Carnivals and Circuses were big business in the nineteenth and early twentieth century. Barnum and Bailey’s ‘Greatest Show on Earth’ and the popular Ringling Brothers Circus were two of the biggest traveling shows in America. Railway expansion allowed them to travel further west, stopping at several cities and towns along the way. Alongside these famous two, other shows sprang up including Midways, Pit Shows, Sideshows and Freak Shows. Some were modeled on the family friendly Big Tops and some were most definitely not. One clown in Barnum’s circus noted many were “G-strings with a G-rating.”
The Nat Reiss Carnival was among those aimed at a family friendly audience. One of the biggest reasons for this was that it set up its tents at the year round Natatorium Park in west Spokane. The Natatorium already served the community with fairground rides and the famous Looff carousel. The Southern Carnival Company, owned by Reiss, made an annual sweep through Spokane on route to Walla Walla and Seattle and featured such attractions as “Midgets and Mazes” and ‘Maximo the incredible diving dog.’ The carnival shows were especially welcomed by children.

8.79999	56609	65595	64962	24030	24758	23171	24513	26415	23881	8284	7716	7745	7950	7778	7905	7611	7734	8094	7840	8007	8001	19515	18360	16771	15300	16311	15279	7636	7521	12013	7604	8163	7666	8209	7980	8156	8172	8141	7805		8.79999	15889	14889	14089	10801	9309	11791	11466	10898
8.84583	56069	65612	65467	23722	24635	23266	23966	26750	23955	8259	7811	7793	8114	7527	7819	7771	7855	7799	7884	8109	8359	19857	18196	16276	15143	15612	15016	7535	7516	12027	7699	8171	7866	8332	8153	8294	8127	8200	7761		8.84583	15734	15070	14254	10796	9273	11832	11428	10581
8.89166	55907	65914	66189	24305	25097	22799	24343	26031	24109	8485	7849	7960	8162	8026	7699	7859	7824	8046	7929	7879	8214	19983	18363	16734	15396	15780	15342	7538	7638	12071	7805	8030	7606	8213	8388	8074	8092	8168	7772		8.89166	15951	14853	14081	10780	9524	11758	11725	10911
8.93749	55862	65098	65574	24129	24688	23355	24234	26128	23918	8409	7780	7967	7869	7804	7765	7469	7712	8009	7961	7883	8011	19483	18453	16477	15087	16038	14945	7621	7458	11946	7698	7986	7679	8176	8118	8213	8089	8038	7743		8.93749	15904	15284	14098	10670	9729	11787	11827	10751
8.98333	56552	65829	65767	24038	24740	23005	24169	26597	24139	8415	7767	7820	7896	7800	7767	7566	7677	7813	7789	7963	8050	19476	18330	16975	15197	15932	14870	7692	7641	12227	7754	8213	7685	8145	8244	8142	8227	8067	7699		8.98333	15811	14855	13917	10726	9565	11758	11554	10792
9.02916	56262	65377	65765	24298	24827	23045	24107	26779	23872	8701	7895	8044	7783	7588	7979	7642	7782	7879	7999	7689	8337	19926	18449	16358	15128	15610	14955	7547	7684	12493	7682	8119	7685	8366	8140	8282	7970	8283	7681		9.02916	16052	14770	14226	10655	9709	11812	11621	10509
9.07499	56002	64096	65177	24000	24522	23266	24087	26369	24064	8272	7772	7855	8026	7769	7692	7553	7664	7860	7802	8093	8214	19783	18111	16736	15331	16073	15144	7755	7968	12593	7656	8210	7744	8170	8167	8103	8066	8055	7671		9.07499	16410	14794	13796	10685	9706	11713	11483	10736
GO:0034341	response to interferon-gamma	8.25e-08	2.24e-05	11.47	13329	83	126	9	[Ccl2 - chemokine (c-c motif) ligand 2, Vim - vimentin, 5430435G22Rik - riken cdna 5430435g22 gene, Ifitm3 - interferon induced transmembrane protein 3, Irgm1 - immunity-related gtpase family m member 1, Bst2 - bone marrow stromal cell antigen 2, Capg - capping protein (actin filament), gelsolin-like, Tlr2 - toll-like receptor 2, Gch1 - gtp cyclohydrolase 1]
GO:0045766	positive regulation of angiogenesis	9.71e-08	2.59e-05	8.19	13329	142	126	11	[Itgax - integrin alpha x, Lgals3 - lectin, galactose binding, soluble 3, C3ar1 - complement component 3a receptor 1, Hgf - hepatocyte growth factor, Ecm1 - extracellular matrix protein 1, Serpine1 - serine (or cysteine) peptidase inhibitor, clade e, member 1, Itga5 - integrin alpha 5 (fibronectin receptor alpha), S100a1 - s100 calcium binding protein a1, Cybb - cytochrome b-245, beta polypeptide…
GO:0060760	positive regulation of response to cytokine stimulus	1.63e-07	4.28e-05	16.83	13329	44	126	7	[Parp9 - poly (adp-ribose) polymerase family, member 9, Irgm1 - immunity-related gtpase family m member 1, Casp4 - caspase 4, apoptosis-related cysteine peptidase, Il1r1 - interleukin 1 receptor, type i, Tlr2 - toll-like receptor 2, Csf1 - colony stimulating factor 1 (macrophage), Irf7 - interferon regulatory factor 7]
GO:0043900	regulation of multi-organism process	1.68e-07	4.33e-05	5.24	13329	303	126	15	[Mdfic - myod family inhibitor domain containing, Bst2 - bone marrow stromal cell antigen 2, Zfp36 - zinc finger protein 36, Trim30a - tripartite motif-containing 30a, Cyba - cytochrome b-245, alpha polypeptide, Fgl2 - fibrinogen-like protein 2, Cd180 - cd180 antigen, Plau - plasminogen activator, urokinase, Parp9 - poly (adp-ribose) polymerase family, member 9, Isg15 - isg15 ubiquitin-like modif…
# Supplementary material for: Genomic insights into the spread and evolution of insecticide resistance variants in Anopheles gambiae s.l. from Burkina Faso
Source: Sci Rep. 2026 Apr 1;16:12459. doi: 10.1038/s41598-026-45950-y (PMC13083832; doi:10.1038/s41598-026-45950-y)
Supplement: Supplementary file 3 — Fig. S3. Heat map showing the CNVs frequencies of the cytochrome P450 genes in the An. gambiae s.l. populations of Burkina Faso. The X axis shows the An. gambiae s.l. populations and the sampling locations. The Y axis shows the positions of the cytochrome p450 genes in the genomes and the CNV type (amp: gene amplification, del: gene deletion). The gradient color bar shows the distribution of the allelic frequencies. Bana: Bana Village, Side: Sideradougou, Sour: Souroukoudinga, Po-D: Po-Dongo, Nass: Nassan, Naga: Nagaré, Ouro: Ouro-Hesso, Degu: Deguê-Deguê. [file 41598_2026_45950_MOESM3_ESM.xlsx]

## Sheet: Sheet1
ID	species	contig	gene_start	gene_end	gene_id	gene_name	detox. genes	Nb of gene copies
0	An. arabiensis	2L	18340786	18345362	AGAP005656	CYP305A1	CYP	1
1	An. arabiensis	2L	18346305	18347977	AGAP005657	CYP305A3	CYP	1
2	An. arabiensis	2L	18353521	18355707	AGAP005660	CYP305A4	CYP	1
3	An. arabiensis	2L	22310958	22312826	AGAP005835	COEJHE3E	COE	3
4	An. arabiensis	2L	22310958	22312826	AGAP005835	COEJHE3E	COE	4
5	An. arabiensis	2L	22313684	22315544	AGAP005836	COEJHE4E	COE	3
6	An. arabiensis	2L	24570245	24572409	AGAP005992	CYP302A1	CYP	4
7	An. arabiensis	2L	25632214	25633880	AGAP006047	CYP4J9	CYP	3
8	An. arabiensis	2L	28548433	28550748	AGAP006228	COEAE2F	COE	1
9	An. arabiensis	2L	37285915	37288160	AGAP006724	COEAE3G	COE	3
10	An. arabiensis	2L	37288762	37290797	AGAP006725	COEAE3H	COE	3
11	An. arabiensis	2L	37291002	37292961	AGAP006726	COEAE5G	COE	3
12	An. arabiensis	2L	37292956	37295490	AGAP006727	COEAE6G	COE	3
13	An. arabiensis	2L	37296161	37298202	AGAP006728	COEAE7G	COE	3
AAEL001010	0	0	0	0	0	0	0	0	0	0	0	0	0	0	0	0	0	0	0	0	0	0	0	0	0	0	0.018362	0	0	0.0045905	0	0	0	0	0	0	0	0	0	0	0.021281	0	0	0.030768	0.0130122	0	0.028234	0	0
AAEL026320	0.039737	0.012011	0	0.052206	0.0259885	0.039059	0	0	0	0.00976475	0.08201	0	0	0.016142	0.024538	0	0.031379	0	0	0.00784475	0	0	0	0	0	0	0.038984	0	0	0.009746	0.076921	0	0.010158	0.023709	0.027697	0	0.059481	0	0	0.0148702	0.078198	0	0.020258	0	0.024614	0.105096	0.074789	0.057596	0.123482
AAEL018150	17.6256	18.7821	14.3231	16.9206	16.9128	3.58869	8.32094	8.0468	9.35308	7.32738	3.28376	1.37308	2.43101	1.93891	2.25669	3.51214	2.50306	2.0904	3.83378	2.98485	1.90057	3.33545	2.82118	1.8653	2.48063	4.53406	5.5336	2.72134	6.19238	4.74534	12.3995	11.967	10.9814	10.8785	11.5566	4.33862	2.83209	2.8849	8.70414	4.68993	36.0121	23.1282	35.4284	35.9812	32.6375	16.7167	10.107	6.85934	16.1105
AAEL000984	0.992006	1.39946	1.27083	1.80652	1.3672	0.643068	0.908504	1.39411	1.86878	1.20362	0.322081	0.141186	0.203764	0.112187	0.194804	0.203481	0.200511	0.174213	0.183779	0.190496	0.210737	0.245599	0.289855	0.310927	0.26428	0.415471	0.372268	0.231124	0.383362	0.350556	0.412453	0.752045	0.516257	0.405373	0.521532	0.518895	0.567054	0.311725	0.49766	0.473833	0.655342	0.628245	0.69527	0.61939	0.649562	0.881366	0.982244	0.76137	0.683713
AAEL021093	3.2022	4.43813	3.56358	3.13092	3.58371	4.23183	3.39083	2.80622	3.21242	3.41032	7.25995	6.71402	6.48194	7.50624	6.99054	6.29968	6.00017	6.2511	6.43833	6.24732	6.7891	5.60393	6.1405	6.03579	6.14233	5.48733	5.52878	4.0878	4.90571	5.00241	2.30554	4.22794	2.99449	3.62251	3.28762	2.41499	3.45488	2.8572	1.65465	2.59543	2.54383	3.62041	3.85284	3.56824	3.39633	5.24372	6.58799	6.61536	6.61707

October 8th 1904 was a special night for the orphaned children of Spokane. Residents of St. Joseph’s Orphanage were admitted free of charge to experience the wonders of the carnival grounds and the sideshows. Included in the show were ‘little people’ and their miniature horse and carriage, a mirror maze, fire-eaters and ‘Captain Sorcho’, a deep sea diver. This last exhibit was performed with a large fourteen foot tank viewable from every side.
Other shows mentioned by local newspapers included a troop of Japanese performers, glass-blowers and ‘Alice the Wonder Freak’ a nod to the freak shows popular in smaller carnivals. From the line-up it is fairly clear Nat’s carnival wasn’t about to rival the Ringling Brothers but it was looked forward to each year and continued to visit Spokane throughout the early 1900s.